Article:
By Melanie Emr
Staff Writer

The benefits of a university education are unquestionable. The average U.S. college graduate earns nearly twice as much as those with only a high school education. In the coming decade, the availability of jobs requiring a college-level degree will increase much more rapidly than those that do not require a postsecondary degree. In response to the growing need for postsecondary credentials as a “prerequisite for the new economy,” President Obama’s recent educational reform plan is working towards making college education affordable for all American families. However, while the president seeks to make college affordable for all income levels across America, he leaves another equally important challenge unaddressed—ensuring that all students, regardless of their income level, have the opportunity to attend selective universities.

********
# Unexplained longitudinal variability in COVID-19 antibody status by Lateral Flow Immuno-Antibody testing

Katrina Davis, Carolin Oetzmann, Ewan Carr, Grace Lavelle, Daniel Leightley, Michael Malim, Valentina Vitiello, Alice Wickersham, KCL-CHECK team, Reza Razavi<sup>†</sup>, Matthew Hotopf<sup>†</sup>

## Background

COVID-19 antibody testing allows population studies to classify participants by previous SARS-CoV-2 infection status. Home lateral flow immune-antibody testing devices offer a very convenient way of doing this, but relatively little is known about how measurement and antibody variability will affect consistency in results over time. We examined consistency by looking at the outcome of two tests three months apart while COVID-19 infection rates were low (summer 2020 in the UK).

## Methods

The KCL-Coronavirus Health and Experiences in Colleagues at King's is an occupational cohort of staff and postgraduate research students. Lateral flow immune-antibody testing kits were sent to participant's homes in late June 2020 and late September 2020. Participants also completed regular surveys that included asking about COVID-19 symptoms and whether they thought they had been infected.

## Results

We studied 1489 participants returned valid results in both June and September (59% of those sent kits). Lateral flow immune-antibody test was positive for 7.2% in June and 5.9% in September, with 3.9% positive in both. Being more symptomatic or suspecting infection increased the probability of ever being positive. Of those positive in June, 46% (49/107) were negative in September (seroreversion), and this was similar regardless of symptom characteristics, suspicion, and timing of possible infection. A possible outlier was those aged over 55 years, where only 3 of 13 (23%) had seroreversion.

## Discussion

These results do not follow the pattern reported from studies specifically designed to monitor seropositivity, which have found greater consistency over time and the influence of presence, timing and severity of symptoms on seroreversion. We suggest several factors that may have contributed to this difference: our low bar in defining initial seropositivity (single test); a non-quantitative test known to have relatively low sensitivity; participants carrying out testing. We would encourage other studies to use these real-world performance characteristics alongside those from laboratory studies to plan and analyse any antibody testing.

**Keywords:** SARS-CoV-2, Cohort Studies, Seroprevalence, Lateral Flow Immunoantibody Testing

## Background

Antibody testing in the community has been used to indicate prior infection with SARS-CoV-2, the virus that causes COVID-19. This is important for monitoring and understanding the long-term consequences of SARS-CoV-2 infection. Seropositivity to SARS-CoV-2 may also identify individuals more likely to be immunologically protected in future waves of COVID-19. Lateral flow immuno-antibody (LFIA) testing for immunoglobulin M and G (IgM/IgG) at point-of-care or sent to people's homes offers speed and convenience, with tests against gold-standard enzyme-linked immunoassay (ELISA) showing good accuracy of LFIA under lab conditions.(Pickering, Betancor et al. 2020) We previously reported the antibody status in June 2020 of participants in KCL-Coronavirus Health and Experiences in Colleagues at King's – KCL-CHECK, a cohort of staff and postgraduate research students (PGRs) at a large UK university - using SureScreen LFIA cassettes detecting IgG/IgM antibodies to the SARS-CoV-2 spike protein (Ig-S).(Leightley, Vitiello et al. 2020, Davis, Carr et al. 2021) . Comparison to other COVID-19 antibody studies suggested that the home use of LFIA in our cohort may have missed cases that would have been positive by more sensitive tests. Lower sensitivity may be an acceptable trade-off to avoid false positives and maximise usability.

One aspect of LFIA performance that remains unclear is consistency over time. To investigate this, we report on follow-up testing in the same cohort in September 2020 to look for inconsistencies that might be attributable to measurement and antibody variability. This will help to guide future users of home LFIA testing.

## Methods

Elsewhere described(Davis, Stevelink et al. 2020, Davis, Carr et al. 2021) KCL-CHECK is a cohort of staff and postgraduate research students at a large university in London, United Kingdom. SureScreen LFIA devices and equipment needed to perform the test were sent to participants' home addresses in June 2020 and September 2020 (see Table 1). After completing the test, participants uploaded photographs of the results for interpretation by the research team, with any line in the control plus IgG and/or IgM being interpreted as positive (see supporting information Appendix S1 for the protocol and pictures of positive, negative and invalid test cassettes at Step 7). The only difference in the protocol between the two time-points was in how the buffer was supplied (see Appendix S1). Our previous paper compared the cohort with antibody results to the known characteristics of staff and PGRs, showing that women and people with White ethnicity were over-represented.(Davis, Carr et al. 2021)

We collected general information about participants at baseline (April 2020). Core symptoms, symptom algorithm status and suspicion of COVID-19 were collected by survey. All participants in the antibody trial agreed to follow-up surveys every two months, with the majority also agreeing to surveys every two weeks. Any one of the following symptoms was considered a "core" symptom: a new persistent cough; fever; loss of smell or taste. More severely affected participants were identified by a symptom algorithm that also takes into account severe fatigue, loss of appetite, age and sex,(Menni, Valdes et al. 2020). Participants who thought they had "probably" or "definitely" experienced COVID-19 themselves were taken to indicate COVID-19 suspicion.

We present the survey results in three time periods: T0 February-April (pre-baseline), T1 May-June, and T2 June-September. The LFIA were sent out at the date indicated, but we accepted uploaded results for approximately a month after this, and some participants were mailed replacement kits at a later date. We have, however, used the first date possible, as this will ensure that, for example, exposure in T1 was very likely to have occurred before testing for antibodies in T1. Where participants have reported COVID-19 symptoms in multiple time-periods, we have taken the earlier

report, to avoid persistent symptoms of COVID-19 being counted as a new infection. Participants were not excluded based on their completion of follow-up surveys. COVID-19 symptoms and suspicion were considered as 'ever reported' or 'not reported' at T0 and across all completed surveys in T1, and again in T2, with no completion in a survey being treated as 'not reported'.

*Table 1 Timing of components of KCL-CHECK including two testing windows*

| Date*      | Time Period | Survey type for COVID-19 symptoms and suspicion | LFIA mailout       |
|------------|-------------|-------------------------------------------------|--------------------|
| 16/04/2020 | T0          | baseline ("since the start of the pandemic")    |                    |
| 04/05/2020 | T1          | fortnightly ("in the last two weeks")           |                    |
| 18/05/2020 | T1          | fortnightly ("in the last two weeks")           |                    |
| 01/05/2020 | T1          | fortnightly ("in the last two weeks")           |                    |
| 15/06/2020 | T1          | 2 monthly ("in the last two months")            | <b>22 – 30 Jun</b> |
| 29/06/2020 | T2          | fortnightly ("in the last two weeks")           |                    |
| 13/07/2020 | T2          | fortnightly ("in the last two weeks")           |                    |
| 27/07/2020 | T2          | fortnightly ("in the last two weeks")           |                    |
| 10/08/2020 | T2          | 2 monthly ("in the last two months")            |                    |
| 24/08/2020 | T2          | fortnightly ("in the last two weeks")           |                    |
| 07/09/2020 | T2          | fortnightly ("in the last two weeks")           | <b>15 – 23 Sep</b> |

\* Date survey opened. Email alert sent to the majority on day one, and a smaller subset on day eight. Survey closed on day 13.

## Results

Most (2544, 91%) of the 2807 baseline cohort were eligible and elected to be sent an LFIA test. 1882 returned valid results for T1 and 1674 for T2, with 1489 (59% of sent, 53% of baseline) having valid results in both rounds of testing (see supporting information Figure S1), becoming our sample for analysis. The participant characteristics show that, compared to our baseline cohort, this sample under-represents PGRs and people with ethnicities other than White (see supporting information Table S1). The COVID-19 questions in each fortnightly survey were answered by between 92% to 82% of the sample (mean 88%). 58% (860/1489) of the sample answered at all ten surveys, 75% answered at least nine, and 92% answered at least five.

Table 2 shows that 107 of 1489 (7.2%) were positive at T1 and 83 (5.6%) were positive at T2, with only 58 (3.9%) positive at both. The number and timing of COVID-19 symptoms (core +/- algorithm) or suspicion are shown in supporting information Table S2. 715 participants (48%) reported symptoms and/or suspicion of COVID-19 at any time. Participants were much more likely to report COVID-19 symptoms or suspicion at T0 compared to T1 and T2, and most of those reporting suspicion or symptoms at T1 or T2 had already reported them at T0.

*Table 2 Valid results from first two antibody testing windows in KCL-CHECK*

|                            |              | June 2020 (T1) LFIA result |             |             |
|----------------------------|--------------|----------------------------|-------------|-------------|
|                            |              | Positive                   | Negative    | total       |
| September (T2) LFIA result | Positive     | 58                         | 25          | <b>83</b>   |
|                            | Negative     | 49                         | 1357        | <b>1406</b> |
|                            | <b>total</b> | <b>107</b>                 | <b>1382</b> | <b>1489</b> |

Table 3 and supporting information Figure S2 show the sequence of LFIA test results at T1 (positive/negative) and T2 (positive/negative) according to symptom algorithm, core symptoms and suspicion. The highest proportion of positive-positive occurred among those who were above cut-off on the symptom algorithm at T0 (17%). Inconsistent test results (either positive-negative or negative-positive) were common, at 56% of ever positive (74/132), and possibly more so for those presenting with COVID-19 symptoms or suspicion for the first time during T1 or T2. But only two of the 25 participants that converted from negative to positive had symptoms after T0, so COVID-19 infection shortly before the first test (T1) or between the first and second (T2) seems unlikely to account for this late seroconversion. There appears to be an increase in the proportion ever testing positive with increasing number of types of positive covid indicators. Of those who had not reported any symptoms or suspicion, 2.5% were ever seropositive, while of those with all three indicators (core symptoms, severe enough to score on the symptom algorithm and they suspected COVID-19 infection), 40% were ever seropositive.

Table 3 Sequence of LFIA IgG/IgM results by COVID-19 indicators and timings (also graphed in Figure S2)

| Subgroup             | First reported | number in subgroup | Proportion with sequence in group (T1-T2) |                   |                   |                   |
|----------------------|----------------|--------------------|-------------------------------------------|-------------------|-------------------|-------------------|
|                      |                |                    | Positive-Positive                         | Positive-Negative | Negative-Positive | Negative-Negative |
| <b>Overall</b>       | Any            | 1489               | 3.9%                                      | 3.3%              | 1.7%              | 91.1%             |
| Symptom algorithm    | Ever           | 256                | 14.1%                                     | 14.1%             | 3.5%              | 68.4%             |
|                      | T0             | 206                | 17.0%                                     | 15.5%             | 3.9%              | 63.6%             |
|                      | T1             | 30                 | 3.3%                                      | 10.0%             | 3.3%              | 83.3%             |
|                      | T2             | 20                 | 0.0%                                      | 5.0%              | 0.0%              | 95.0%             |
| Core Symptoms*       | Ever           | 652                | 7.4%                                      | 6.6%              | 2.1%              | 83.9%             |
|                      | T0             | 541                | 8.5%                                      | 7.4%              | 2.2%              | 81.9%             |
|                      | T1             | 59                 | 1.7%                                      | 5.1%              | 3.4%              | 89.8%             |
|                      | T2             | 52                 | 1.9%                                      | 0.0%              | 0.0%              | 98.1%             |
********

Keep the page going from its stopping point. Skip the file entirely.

Obama’s efforts to reform education have instigated the largest investment in student aid since the G.I. bill, leading to an efficient system that allows college students to pay for college and manage debt. One of the main focuses of the Obama administration is the expansion of education tax credits. In 2009, his administration established the American Opportunity tax credit to assist families with college tuition. It serves 9.4 million American students and families each year in “providing up to $10,000 over four years for families earning up to $180,000.” Before that, in 2008, the administration oversaw an increase to $5,500 in the maximum amount awarded in a federal Pell Grant.